In 1975, the center expanded its programming beyond campus with the Asiavan program,
which transported exhibits to area schools, playgrounds, shopping centers and parks.
The van also included film screenings and audio recordings of traditional and contemporary
The center moved to its current 1,500-square-foot gallery in 2005 after the renovation
of the Center for the Arts. The center continues to serve the university and greater
Baltimore-Washington community through a range of experiences with Asian arts and
“Everything we do is about creating a family and bringing people together,” says Pecore
of the center’s work with local artists. Bringing them back to exhibit and connecting
artists with local partners help to “expand and deepen the connections.”
This, Pecore says, is at the heart of the center’s vision for the future.
“We’ve been talking about how we’re going to celebrate 50 years, and lots of people
always want to look back, which is awesome to see where we came from,” Pecore says.
“But we want to highlight where we’re going.”
Spring 2021 Virtual Programs
“Anak (My Child)”
Lek Vercauteren Borja’s mixed media works explore the personal and social impact of
Spanish colonization and American imperialism on the Filipino experience. Vercauteren
Borja weaves history with personal experience to draw out broader contemporary Filipino
American stories of identity, displacement, trauma, survival, resilience and belonging.
Phaan Howng: A Bag of Rocks for A Bag of Rice
Extended through May 15
Westernized images of the Chinese and Japanese garden camouflage the histories of
empire, wealth, privilege, exploitation, ecological extraction and displacement behind
their creation. Phaan Howng’s site-specific installation engages East Asian gardens
as a case study of the dynamics embedded within these private spaces.
Salu-Salo: A Filipino American Cultural Feast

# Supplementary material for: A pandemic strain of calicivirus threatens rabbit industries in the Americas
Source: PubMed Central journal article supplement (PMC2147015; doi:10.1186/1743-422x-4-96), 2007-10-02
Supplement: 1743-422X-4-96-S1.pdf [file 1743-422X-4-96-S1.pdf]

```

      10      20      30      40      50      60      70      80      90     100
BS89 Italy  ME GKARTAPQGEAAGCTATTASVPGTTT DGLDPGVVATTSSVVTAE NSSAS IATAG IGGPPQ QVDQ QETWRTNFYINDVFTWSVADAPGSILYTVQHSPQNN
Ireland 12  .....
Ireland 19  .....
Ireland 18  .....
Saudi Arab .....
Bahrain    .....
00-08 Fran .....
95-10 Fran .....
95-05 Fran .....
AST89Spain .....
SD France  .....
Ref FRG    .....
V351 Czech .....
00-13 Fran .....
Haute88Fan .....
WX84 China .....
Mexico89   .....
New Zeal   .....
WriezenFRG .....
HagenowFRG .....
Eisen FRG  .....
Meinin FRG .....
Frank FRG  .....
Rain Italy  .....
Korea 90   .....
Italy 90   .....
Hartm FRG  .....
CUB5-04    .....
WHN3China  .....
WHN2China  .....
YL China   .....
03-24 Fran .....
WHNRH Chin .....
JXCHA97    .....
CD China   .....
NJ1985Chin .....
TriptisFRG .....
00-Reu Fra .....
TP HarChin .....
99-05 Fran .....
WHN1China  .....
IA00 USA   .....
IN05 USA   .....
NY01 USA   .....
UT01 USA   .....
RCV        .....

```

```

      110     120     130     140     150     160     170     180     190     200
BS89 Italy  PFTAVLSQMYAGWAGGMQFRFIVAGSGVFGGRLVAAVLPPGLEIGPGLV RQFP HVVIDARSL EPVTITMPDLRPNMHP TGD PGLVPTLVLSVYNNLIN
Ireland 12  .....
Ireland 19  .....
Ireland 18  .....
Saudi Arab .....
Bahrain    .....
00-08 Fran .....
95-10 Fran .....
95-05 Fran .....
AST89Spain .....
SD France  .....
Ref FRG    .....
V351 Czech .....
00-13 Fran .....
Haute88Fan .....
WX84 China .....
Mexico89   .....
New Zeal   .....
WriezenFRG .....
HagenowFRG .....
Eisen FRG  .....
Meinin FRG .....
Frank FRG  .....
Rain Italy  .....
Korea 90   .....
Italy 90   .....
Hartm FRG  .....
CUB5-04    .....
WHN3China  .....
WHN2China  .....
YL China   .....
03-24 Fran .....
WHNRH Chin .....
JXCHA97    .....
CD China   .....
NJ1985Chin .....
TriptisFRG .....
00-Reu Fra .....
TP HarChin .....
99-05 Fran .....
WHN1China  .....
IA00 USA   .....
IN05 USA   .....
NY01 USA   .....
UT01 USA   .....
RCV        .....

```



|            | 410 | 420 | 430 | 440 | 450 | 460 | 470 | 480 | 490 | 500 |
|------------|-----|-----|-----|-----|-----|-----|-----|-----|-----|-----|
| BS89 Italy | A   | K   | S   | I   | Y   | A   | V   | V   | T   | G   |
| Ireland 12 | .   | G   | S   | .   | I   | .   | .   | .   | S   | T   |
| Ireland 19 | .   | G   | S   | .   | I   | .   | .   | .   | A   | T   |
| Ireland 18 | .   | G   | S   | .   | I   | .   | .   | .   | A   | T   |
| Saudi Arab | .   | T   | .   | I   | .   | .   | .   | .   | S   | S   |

Feb. 26, 7 p.m.
Prepare yourself a Filipino meal and join the AA&CC for a virtual salu-salo featuring
chefs Sony Florendo, Mike Ledesma and Rey Eugenio’s takes on favorite Filipino recipes;
music by Kulintronica and Diwa de Leon, who have creatively electrified traditional
Filipino instruments; a virtual tour with ANTHILL Fabric Gallery in the Philippines;
and an Asian Arts & Culture Center 50th Anniversary cocktail.
Filipino American Diaspora: Self-Representations Emerging from the Shadows
March 9, 7 p.m.
How do poetry, art, oral histories and research convey the complicated histories of
Filipino Americans, the fourth largest migrant group in the United States? With over
400 years of colonization, Philippine migrants continue to create a sense of the homeland
in their new countries. Hear from poet Luisa A. Igloria, artist Lek Vercauteren Borja
and authors E.J.R. David and Dwight Ong. Scholar and artist Marlo DeLara moderates
Asia North 2021: A Celebration of Art, Culture & Community
April 10 to May 15, Station North Arts District and online
Celebrate art, culture and the Korean history and heritage of Baltimore’s Charles
North community. Regional Asian American and Pacific Islander (AAPI) artists and organizations
create an exhibit and virtual festival including artist talks, performances, cooking
demonstrations and art workshops. Co-presented with the Central Baltimore Partnership.